The Truth About the Lottery


The lottery is a game in which people buy tickets and then hope that they will win a prize. The prize money is usually cash or goods. It is often used to raise funds for government projects. It can also be used to fund religious, charitable, or public service activities. Some countries have laws against lottery games, but many have legalized them. In the United States, the lottery contributes billions of dollars to the economy each year. Many people play for fun, but some believe that the lottery is their only chance of a better life.

The word lottery comes from the Latin loteria, meaning “to draw lots.” It is also believed that the Chinese developed a similar game called keno around the 2nd millennium BC. The first records of a lottery that offered tickets for sale and awarded prizes in the form of money came from the Low Countries in the 15th century. The town records of Ghent, Bruges, and other cities show that public lotteries were used to raise money for wall repairs, fortifications, and to help the poor.

In the 18th century, lotteries were common in colonial America and helped fund public and private ventures. They were especially helpful in funding the construction of roads, canals, bridges, schools, churches, and colleges. The lottery was a popular way to finance military expeditions, as well.

Today, the lottery is a popular form of entertainment and raises billions for state governments each year. However, the odds of winning are very low. In fact, most people who play the lottery lose money. The average lottery player spends more than $1,500 per year. This amounts to thousands of dollars in foregone savings that could be put towards retirement, college tuition, or a down payment on a home.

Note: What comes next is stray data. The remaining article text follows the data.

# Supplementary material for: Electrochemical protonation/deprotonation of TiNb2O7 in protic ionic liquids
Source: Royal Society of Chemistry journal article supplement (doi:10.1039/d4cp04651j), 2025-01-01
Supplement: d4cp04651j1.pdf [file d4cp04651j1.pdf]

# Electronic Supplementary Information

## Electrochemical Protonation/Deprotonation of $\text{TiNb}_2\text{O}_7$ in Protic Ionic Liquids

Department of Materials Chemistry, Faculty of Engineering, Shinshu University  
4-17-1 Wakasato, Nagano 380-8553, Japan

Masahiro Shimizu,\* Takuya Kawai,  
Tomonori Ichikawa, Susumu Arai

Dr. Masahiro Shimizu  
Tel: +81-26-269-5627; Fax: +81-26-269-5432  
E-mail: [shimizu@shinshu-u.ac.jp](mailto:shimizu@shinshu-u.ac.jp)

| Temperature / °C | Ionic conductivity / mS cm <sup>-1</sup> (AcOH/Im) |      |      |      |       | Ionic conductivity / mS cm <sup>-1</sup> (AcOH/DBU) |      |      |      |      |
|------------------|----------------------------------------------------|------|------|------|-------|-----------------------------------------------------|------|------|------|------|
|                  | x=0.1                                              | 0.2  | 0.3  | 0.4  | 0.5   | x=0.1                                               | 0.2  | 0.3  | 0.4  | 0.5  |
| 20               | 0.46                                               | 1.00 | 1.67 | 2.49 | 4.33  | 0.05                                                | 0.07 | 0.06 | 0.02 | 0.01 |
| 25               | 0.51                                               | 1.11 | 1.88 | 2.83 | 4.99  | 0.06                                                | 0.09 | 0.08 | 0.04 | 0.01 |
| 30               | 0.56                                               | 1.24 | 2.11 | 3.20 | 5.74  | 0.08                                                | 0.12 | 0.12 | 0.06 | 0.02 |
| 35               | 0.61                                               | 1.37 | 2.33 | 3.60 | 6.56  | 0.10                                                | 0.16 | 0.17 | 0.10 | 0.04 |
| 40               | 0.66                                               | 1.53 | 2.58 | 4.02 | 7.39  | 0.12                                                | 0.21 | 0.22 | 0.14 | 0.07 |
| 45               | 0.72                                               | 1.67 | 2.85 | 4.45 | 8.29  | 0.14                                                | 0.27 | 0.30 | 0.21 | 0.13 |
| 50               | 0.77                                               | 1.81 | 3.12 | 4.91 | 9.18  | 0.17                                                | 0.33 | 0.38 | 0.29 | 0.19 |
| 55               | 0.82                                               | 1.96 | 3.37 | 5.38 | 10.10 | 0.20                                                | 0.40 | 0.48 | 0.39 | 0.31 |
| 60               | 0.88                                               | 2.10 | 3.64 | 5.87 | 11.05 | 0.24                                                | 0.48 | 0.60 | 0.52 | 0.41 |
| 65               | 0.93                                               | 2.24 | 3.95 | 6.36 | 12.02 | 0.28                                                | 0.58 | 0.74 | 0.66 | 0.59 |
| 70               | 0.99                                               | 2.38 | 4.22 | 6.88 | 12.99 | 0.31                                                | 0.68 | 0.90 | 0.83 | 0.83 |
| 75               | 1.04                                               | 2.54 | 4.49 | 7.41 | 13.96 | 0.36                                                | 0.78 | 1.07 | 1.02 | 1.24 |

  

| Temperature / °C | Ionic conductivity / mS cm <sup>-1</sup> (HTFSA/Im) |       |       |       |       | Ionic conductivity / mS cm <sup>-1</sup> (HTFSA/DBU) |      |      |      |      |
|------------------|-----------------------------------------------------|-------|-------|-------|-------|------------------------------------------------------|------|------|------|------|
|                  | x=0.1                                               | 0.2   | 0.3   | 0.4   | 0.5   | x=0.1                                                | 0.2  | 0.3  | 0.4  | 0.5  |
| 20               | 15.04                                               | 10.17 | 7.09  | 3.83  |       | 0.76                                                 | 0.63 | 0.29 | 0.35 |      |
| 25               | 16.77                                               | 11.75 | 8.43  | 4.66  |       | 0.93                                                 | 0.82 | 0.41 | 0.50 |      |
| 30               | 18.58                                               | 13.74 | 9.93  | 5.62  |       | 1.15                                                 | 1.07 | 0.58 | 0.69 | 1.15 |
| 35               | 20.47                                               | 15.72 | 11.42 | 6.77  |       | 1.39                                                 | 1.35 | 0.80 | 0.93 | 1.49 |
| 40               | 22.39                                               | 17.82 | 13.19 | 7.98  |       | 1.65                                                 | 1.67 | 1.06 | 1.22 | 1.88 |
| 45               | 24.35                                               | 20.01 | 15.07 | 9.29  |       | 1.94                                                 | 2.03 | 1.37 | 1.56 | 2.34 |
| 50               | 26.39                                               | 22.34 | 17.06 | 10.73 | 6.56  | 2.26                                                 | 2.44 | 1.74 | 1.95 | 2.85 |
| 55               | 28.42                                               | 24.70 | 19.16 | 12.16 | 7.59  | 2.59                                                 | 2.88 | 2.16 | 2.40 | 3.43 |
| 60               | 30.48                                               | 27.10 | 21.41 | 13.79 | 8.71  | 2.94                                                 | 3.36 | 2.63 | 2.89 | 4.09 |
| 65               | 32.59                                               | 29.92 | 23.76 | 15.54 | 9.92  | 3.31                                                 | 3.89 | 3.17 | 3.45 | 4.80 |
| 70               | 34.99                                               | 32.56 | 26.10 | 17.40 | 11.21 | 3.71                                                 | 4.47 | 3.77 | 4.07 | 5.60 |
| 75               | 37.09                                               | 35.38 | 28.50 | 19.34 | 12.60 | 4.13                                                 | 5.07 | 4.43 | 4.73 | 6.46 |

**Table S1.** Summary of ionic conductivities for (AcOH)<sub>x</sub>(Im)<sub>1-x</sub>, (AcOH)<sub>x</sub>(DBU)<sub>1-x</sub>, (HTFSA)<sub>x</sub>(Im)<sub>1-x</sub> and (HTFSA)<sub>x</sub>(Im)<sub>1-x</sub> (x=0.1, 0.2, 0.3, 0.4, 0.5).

Lottery players often have a number of quote-unquote systems for picking their numbers. They may choose lucky numbers or store names, or they may use a sequence such as 1-3-2-4. They also may purchase Quick Picks or the most popular numbers. If they do win, they will have to share their prize with anyone who selected the same numbers. Harvard statistics professor Mark Glickman recommends selecting random numbers or buying tickets for a less-popular lottery game with lower participation levels.

Winning the lottery can be a very exciting experience, but it is important to remember that it is a form of gambling and relies on luck or chance. If you are not careful, you can quickly find yourself with a massive influx of money and no real plan for how to spend it. This can make you a target for jealousy from family and friends, or even put your life at risk from bad decisions that come from the euphoria of the win. It is also a good idea to avoid flaunting your wealth because it could make people angry and cause them to want to hurt you. The best thing to do is to play for the fun of it and not with the expectation that you will become wealthy.